By Tim Redmond
JUNE 24, 2014 — The front-page Chronicle story on Mayor Ed Lee’s connections to PG&E didn’t break a whole lot of new ground. But John Coté and Marisa Lagos put everything together in one place, and you can’t read it without getting the message that Lee is so close to the private utility that he’s putting corporate profits ahead of the city’s efforts to combat climate change.
But deep in the story, there’s a sentence that made me shake my addled head. It goes like this:
Documents obtained under a public records request show only four phone calls or meetings between Lee or his staff and PG&E officials since Lee became mayor. But that is not a full accounting of all his meetings and events with PG&E executives. Falvey said detailed meeting records were not regularly retained.
Wait: the Mayor’s Office doesn’t keep records of meetings? Isn’t that a violation of city and state law? Isn’t it a really bad idea to destroy public records? Apparently, according to a recent Guardian story, the mayor doesn’t seem to care.
The Chron pretty much let it go at that, but there’s a really serious problem here. I ran into it this week.
I asked the Mayor’s Office for all communications between Lee and any of his staffers and anyone at City Planning around Airbnb and short-term rental enforcement. I know that Lee’s office is talking to planning staffers about the issue, because City Planning Department records show the mayor’s press spokesperson, Christine Falvey, calling over to check on whether the zoning administrator said something bad on the radio. And I know that in 2011, Malcom Yeung, then a mayoral staffer, was asking City Planning for a meeting on the issue.
I asked for all documents, memos, emails, etc. from 2012 to 2014. Here’s what the Mayor’s Office told me:
There are no such records.
Seriously? Not once in the past three years has anyone from Lee’s office made any contact with anyone at City Planning to discuss what has to be one of the major controversial issues in the city? Not once has anyone sent a single email or made a single contact to discuss whether short-term rentals ought to be examined or regulated? That’s either an utter abdication of the mayor’s often-stated pledge to protect rental housing – or it’s a sign that important documents have been destroyed or hidden.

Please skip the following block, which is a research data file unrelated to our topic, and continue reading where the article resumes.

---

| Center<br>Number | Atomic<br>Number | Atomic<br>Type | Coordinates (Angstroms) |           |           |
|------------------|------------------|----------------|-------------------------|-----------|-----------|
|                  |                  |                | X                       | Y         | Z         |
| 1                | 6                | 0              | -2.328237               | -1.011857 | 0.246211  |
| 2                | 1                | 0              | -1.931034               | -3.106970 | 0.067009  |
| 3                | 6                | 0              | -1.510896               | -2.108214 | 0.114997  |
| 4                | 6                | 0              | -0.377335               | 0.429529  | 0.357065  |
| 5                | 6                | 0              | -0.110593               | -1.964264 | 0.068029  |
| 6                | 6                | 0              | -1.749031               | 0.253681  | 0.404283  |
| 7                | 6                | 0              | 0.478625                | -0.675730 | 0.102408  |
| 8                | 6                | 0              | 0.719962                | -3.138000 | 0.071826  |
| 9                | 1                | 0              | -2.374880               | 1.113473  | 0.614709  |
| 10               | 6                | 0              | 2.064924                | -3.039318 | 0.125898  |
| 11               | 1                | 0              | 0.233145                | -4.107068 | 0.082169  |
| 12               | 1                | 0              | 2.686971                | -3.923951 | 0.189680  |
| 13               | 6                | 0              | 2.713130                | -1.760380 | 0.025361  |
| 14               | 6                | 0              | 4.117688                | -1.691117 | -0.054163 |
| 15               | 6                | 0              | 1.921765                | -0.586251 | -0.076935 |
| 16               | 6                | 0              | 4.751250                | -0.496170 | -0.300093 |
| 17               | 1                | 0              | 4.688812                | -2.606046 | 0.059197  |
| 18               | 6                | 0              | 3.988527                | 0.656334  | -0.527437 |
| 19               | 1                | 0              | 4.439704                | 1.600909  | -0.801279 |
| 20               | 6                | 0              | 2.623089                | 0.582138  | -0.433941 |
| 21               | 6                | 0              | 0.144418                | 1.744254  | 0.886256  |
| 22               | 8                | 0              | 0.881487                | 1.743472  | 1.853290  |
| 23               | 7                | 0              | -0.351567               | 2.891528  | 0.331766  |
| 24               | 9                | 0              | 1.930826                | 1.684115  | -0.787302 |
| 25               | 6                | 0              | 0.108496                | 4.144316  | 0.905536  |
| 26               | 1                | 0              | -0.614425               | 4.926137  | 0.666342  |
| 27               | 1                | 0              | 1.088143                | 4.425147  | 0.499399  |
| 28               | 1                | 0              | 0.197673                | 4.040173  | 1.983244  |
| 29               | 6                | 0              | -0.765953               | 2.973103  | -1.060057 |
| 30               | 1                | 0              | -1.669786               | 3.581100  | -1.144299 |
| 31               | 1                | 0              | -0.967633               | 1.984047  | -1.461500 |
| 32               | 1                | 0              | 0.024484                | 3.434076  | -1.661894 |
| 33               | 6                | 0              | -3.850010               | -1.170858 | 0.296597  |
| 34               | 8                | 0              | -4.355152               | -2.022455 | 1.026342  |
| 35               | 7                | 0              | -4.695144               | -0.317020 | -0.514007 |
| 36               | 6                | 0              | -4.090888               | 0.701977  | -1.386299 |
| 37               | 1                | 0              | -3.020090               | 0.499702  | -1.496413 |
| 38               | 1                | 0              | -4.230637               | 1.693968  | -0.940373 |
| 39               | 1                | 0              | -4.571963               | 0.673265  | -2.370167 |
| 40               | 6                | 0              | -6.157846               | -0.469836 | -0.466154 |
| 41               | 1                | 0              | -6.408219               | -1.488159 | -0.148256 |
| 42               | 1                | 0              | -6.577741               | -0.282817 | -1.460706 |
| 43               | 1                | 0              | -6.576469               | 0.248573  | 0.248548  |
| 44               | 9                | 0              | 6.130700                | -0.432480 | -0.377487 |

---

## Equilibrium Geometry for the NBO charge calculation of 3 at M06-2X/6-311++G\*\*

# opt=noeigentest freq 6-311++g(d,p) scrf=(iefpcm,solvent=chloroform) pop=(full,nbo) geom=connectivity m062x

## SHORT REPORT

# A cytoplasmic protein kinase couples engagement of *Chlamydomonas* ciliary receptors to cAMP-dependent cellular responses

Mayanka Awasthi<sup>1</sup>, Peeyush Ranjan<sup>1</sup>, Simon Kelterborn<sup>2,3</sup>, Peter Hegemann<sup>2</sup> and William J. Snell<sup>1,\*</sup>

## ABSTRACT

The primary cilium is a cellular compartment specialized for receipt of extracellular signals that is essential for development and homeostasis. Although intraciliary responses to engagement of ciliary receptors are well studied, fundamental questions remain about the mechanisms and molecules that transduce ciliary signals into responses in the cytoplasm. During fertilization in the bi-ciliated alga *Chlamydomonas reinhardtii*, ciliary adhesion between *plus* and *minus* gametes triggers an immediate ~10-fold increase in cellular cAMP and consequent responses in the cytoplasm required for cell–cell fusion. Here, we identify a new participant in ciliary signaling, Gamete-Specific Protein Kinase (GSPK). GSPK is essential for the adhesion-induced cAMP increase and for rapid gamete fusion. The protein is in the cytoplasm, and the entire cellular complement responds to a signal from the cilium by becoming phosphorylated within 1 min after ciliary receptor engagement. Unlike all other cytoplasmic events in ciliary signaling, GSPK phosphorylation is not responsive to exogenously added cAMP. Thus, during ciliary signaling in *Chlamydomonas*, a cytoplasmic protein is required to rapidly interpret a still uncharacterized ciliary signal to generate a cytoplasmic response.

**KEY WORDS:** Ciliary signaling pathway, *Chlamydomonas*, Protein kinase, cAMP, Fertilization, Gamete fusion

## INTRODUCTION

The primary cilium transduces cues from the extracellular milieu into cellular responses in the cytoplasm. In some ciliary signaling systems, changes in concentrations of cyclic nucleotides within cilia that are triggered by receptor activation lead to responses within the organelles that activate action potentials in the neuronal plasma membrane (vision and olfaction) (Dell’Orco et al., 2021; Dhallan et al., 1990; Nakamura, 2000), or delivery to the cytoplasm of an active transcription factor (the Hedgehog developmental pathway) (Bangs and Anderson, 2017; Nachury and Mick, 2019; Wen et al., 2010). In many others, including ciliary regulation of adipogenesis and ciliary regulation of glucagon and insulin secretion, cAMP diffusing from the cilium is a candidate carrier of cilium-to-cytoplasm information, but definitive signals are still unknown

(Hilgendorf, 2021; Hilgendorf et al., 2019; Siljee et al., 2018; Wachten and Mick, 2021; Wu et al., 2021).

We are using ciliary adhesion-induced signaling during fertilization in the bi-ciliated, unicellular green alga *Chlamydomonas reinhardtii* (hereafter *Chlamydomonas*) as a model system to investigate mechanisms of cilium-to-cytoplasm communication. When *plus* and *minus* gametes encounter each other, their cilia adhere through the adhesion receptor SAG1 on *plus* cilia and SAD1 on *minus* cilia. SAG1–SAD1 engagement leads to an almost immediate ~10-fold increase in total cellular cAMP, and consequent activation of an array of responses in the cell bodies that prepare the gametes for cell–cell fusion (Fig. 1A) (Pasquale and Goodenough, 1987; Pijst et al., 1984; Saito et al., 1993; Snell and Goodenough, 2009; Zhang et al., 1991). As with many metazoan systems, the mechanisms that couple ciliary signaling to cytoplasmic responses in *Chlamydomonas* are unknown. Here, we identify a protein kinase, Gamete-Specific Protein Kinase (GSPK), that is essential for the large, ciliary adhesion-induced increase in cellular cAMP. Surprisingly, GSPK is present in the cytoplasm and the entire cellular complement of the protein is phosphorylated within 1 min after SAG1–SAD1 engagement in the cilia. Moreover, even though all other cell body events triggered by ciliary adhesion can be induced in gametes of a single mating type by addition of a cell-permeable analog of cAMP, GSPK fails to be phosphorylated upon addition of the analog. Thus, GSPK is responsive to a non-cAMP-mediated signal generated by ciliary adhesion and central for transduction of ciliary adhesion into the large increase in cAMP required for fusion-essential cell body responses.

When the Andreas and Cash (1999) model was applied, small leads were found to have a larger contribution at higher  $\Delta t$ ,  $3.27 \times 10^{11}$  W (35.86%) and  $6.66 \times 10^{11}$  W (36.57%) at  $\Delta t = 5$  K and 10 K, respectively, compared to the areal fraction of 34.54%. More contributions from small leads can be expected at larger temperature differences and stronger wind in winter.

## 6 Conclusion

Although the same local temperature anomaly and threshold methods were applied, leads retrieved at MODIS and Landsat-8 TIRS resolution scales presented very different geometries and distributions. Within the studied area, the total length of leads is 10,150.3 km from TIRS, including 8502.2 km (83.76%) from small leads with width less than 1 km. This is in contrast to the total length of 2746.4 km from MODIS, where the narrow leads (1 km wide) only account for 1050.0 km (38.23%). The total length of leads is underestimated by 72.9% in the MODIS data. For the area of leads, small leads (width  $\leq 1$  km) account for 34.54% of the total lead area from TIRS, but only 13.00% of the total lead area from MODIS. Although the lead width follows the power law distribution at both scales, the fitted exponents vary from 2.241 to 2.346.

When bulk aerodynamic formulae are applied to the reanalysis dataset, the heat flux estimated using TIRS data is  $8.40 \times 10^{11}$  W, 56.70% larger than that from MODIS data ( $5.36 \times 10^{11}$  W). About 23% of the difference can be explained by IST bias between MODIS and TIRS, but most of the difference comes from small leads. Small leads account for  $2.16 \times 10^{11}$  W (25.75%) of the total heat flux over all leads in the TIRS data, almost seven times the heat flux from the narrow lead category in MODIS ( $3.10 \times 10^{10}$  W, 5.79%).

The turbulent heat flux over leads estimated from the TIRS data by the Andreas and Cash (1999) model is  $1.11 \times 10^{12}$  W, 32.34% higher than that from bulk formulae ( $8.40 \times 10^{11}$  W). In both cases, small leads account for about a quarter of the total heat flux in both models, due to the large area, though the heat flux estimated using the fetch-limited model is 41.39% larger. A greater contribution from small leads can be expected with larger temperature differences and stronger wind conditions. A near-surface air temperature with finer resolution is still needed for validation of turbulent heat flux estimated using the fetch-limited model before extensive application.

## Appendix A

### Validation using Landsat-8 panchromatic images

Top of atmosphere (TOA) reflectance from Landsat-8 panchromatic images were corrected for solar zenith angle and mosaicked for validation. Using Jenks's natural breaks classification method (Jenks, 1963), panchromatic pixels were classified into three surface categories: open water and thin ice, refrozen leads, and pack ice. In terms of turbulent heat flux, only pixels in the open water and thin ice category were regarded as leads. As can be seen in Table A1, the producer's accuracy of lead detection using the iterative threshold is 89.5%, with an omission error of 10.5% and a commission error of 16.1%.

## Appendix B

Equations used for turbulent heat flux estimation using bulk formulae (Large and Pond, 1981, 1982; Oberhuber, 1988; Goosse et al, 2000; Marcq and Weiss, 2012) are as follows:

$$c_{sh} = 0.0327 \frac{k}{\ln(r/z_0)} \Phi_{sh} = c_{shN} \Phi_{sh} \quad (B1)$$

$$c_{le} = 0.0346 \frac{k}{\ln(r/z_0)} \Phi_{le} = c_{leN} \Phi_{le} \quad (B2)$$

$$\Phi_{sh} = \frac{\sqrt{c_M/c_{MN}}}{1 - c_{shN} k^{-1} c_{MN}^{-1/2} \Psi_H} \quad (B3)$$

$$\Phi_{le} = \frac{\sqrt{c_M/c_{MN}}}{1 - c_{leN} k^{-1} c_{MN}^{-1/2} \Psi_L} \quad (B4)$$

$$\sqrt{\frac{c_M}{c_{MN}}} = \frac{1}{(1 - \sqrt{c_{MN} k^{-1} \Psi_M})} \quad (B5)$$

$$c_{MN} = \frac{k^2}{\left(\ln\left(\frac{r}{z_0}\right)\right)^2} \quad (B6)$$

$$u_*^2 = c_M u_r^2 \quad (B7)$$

When Willie Brown was mayor, he had a rule: Nobody wrote anything down. When his staff came to meet with him, they were not allowed to bring paper or anything to write with; no notes. Nothing important went by email; nothing was put in a memo. That way: No evidence.
But it’s hard to manage a city without anyone writing anything down, and I can’t believe Lee has really mandated such an inefficient and stupid policy just in the name of keeping reporters from finding out what he and his staff are saying about PG&E and Airbnb.
I’ve been invited to speak in July at the Haight Ashbury Neighborhood Council forum on the November elections, and Calvin Welch is moderating a discussion that will focus on an issue I’ve been thinking about a lot: Will this November be one of those elections that changes the direction of the city? Will it be a “wave” election that says more about how San Franciscans view the administration of Ed Lee, big money in politics, and the direction of development?
There apparently will be only one contested race for supervisor – but there could be 10 or more ballot measures, and together they could very well be a referendum on the mayor’s policies. Among the issues headed for the ballot: A tax on sugary drinks; an anti-speculation tax; a measure restricting Airbnb and other short-term rentals a measure to link affordable housing and market rate housing; a measure the mayor put on to undermine that affordable housing measure, and more.
Combine that with Campos v. Chiu and you’ve got a ballot that could attract tremendous attention and send a strong message – one way or the other.
We’ll talk about it at the HANC meeting July 10, at the Park Branch Library, 7:30.